IN BRITAIN, we are generally proud of our reputation for tolerance, fair-mindedness and moderation. These attitudes, which some people argue are under attack, can be virtues, but do they make us vulnerable too? Can qualities that are cast as defining features of Britishness become weaknesses that compromise the integrity of our nation?
European countries, particularly those that had overseas empires, absorbed waves of immigration during the late twentieth century. Then, in the twenty-first century, the continent experienced an extraordinary influx of people from North Africa, Central Asia and the Middle East, many of whom practise the Islamic faith.
Among liberal Britons, Emmanuel Macron became something of a hero for advocating a ‘sovereign, united, democratic Europe’, but, when France’s president defended his state’s secular principles against the influence of Islamism, the reaction was different. The French have a long-standing tradition of expecting incomers to integrate with their culture and values, but Macron’s campaign was more difficult for ‘progressive’ opinion in Britain to accept than his views on the EU.
In the United Kingdom, we are inclined to think that our society and identity should adjust to accommodate the arrival of newcomers from around the world, rather than expecting immigrants to adjust to pre-existing ideas of Britishness. That’s a defensible way of looking at the world, but it’s fair to ask whether it makes our national identity more or less coherent. Has it contributed to binding people together more tightly? Has it fostered a greater sense of belonging to the United Kingdom across its regions?
A cynic would say that it encourages naivety about people who are hostile to our way of life, and campaigns that attack our nation’s moral and political fabric. He could note that public institutions ignored the cultural component of child sex abuse scandals, like the one in Rotherham. Or point out that, unlike France, we seem relatively powerless to resist purges of statues and symbols linked to our history.
The openness of many people to the claims of regional separatists across the UK is certainly marked by naivety. There can be few countries with serious secessionist problems that have such a generous, even sympathetic, attitude to political forces that want to pull them apart.
As the unionist journalist, Henry Hill, observes, we set a remarkably low constitutional threshold for giving separatists their way. Decades ago, we conceded the principle that Scotland and Northern Ireland could leave the Union by means of a one-off popular vote. Indeed, in Northern Ireland’s case, the government declared that it had no “selfish strategic interest” in an integral part of its territory.
The idea that there should be a new referendum on Scottish independence, just six years after the last one, is not only tolerated, but treated as a perfectly reasonable expectation by many commentators. Circumstances have changed, apologists for separatism claim, citing the fact that more Scots voted to remain in the European Union than wanted to leave. It’s a strange paradox that many well-meaning Britons have sympathies with Scottish and Irish nationalism – while viewing any assertion of British nationhood with unconcealed disgust.
An indulgent attitude toward Irish separatism is even more prevalent. This ranges from outright support for republicanism, particularly on the Left, to widespread acceptance of a nationalist narrative, across the political spectrum. The United Kingdom is divided by a trade border between Great Britain and Northern Ireland, principally because the Dublin government and nationalists insisted that no extra checks or infrastructure could be accepted at the Irish land frontier.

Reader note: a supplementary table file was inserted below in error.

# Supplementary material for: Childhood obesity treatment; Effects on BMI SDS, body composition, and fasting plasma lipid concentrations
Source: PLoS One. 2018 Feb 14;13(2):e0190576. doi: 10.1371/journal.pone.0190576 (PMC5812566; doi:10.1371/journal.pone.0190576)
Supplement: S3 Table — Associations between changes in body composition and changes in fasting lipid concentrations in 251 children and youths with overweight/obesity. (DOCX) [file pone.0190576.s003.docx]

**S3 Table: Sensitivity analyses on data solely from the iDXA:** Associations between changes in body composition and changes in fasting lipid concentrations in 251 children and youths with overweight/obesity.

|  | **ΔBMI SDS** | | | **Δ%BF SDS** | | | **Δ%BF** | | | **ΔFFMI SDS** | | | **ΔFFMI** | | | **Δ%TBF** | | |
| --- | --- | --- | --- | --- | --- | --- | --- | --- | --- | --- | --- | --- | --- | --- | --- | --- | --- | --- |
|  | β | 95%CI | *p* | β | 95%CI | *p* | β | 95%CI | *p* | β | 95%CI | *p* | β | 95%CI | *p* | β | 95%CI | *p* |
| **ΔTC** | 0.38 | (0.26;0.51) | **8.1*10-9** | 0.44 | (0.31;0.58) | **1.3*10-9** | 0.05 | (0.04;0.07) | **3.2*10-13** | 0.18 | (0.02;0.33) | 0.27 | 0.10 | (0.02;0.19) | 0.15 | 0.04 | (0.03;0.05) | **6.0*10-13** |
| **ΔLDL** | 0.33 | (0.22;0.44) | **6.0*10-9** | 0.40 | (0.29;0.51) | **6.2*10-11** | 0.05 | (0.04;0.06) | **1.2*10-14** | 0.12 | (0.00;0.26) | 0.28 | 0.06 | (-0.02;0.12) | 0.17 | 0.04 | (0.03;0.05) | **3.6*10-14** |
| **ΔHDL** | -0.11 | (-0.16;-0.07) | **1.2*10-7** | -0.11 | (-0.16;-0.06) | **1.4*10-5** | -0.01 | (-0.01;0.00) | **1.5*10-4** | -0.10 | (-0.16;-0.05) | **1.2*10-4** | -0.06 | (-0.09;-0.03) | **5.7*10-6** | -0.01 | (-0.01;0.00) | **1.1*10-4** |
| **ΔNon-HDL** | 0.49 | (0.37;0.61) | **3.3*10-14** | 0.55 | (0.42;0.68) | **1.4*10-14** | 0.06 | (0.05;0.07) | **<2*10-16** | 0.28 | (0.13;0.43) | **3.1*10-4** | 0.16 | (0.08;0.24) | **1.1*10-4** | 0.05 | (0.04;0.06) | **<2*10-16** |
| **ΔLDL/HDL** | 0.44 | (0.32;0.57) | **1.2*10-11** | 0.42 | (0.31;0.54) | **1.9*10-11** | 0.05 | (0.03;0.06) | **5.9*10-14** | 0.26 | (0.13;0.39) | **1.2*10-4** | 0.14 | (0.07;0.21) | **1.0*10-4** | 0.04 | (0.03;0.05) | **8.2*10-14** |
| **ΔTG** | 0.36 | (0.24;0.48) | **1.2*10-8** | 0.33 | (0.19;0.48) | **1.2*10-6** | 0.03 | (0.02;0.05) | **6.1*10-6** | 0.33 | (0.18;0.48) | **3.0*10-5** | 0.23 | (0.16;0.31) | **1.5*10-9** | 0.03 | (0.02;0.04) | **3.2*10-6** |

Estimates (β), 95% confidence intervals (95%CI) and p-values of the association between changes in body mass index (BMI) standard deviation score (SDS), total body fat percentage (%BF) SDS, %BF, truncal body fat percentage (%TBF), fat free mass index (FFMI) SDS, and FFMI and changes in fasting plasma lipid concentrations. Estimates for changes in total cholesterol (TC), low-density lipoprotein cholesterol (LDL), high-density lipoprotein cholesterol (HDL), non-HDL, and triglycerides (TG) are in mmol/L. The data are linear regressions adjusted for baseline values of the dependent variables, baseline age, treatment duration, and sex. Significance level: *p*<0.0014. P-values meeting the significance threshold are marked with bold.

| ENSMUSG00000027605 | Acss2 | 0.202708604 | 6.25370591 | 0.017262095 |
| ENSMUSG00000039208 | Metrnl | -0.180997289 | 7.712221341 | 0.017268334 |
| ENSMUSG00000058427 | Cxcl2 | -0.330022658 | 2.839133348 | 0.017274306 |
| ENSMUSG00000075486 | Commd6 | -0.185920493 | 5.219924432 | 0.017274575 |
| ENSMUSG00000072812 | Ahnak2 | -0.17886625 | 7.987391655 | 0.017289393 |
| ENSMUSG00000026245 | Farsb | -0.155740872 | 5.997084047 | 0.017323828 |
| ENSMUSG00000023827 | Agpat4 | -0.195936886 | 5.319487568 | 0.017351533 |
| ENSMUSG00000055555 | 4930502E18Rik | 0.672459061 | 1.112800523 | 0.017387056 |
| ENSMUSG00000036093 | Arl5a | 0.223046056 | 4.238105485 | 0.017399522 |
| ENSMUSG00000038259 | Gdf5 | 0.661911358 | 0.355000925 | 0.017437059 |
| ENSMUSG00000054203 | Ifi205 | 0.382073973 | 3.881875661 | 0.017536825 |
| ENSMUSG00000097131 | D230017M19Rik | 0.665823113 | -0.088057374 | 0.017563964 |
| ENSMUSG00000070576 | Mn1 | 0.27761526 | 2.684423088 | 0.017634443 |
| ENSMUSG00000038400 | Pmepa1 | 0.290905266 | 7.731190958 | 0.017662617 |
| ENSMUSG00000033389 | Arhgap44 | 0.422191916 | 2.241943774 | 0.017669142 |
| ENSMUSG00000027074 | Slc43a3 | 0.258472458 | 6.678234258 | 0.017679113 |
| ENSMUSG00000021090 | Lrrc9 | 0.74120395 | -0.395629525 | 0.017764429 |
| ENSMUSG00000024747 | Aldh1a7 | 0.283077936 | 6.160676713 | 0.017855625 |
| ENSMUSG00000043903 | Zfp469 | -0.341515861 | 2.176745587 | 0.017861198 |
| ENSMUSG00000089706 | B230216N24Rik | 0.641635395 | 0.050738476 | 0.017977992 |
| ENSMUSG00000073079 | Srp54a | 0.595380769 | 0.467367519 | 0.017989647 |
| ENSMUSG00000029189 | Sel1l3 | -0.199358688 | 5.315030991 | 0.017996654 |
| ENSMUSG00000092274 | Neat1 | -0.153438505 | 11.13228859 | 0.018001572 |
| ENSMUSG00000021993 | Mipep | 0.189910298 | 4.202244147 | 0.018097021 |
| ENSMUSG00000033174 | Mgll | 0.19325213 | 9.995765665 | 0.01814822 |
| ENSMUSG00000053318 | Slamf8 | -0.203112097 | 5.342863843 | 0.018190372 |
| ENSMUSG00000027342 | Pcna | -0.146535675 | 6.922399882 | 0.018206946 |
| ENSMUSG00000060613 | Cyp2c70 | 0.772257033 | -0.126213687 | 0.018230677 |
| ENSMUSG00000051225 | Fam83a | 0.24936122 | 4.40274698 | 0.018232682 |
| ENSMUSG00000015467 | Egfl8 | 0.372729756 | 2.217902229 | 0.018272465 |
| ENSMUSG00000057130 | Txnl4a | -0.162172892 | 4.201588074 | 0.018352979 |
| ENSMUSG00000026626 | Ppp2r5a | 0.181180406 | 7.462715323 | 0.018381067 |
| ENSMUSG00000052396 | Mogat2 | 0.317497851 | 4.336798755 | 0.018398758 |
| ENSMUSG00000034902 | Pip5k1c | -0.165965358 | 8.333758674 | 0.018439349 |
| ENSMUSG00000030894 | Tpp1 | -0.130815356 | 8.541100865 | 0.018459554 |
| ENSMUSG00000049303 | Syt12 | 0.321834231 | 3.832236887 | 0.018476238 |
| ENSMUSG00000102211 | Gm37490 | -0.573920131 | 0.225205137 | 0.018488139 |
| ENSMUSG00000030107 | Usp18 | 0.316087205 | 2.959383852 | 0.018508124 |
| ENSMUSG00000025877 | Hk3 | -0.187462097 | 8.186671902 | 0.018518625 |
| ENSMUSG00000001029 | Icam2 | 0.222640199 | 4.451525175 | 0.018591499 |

Many Brits now seem to believe, in line with republican propaganda, that the Northern Ireland Troubles were at least substantially the fault of the UK and its armed forces.
The IRA was responsible for two thirds of deaths during the conflict, of which the vast majority remain unsolved. Yet, a small number of incidents, like the murder of the solicitor Pat Finucane, whose family repeatedly claimed direct involvement by the British government, attract a disproportionate share of attention and resources. Sir Desmond de Silva previously found that the killing involved ‘no overarching conspiracy’ by the state, but the government still announced that it will be subject to a third review. Even that outcome is attacked viciously by critics who demand a public inquiry.
Why is there a tendency, among some Britons, to indulge regional separatists’ anti-UK nationalism and some religious minorities’ hostility to our way of life, but wish to dilute or apologise for any assertion of British identity? Is it a form of self-loathing? What are we saying about who we are, when we insist that our history is not something to be proud of, or demean national symbols and institutions, or strip back national traditions, because we think that these actions are in line with the values that we hold today?
Some of these questions around self-confidence and self-assertiveness apply across the West, but they seem particularly relevant to Britain. British enthusiasm for French Europhilia, for example, is based on a fundamental misunderstanding. While many staunch ‘remainers’ see the EU as a way of escaping the confines of traditional nationhood, somebody like Macron views it as a way of protecting and projecting French power.
If the United Kingdom ever splits up, it will be a geopolitical trauma that affects us all and shakes the West. It would be ironic and regrettable if we contributed to that outcome by letting attributes that shape modern Britishness, like self-effacement, embarrassment at chauvinism, and tolerance of difference, cloud our judgement about the threats that we face as a nation.
Photo of President Emmanuel Macron by Frederic Legrand – COMEO / Shutterstock.com